Is Facebook Irrelevant?

Could it happen this fast? Is Facebook dead? Certainly there have been reports of the end of the youth movement there. And early in 2009 Time officially claimed the "old fogies" have ruined Facebook. It's not the application or audience that is wearing on me, but rather the platform. It's cumbersome and time-consuming -- and s-l-o-w. More importantly, for marketers, it's not as portable as Twitter for driving traffic to retail. And we haven't even touched on content yet...

It is not a place for thoughtful exchange. It's definitely a place to learn when your colleague has a headache and is going to bed early, that your high school acquaintance can't decide what to eat for dinner and your former colleague once liked to drink heavily with guys in Greek-lettered t-shirts. It's definitely a great place for ethnographic research of the mass consumer audience, or to learn about the daily lives of old fogies.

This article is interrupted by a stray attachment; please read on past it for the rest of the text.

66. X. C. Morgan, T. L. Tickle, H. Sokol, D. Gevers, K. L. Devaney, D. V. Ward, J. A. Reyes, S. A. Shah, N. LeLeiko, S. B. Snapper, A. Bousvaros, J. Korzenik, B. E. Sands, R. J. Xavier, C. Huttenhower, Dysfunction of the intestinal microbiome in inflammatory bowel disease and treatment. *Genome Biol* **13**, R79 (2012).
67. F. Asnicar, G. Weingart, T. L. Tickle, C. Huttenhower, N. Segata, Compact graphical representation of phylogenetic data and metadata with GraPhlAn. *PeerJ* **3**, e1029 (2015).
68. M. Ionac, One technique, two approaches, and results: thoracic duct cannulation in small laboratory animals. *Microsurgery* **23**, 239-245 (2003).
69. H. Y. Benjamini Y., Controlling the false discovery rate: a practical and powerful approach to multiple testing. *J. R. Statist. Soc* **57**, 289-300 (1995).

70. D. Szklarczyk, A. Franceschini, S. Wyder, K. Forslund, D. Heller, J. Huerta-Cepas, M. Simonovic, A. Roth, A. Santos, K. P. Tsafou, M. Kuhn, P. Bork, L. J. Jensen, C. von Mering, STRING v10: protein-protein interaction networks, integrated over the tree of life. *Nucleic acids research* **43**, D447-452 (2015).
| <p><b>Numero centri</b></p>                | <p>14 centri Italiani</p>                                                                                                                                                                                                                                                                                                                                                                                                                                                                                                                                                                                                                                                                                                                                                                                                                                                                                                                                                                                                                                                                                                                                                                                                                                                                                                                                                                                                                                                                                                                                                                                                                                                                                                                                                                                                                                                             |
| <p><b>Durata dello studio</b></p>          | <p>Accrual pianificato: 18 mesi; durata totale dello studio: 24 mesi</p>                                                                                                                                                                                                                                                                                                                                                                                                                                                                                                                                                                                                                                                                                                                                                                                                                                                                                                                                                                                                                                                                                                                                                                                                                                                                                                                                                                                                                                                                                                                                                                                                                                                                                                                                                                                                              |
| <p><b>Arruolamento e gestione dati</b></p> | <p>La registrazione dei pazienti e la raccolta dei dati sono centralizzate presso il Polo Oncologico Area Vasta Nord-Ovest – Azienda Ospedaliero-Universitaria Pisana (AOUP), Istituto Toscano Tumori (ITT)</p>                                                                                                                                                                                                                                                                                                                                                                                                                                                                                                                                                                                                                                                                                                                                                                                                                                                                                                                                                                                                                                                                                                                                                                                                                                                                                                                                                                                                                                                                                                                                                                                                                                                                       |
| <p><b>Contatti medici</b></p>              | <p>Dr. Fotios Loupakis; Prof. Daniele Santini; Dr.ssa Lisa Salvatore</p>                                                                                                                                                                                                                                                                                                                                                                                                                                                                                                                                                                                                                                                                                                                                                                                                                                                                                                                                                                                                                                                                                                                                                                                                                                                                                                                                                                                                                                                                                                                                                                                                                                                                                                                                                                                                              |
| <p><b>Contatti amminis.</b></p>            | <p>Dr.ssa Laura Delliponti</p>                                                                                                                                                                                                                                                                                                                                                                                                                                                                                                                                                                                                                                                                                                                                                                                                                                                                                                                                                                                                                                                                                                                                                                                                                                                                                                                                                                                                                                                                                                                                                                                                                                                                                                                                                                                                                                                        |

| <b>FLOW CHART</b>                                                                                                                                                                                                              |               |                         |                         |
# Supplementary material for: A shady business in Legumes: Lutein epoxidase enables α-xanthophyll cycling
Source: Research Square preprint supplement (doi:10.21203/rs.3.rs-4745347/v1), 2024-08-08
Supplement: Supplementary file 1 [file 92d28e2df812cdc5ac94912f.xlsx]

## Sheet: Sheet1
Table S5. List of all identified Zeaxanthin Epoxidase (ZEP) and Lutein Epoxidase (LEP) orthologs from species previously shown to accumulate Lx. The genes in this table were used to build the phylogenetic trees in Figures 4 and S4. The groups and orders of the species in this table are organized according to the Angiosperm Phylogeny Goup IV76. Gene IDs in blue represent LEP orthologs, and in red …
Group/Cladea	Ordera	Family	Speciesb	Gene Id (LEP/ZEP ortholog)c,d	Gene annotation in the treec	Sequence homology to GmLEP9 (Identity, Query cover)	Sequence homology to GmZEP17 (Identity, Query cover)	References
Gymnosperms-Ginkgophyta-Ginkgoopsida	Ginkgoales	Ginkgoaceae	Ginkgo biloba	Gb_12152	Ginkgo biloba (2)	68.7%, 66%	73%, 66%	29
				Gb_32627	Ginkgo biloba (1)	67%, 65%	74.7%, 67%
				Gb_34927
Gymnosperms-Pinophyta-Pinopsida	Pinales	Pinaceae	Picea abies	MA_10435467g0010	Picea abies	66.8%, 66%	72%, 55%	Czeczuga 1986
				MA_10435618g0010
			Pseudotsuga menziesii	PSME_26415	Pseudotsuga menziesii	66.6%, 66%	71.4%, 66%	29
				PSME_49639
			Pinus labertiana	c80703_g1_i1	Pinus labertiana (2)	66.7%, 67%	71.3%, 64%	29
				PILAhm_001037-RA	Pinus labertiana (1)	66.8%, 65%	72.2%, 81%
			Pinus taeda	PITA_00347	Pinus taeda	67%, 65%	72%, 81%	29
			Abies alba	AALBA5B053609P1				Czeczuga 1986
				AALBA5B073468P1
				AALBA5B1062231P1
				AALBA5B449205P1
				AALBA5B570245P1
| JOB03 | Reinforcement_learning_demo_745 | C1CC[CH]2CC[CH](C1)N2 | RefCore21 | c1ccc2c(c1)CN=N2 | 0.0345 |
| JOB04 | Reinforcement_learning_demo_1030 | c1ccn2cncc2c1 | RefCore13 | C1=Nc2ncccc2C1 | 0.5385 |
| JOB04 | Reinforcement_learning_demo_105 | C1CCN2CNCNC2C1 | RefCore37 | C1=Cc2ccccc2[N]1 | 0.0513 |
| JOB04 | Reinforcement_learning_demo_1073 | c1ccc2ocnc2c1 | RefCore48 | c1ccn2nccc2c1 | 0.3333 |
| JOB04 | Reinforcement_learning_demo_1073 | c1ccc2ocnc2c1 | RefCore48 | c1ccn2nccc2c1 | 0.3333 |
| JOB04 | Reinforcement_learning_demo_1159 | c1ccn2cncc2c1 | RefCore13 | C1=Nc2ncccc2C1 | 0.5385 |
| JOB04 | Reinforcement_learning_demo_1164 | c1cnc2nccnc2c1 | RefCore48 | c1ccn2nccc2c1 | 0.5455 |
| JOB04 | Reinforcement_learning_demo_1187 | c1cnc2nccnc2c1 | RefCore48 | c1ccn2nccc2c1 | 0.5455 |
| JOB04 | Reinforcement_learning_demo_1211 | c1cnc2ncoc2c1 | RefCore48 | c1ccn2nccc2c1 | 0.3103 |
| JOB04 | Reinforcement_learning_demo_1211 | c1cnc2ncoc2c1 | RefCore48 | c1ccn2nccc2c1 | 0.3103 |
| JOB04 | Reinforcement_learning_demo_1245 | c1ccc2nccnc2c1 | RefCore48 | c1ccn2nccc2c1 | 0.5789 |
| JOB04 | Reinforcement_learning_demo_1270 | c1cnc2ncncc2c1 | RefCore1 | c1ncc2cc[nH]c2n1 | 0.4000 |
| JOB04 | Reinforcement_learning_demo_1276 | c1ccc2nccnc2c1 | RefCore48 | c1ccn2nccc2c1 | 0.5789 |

What's bothersome to me as a marketer, is the lag of industry understanding of the platform's irrelevance to the youth set. Most marketers still think it's a place to speak to young people. And, yet, statistics show anything but that: reports from July 2009 show college and high school user rates dropped by 20 percent, while the grey-haired audience increased by 513 percent. Yes, 513 percent. Great news for AARP, bad news for MTV.

Facebook is losing relevance certainly for millenials, but also for people who want to converse. It's become a warehouse of memories. Which is wonderful -- and needed--especially for those folks losing their memory. And it can exist beautifully like this for...ever. My argument is that it is no longer a place to market to youth. And it is no longer a place to have meaningful conversations. For that, go to Twitter. Seriously. Here's my handle:@gretchenramsey.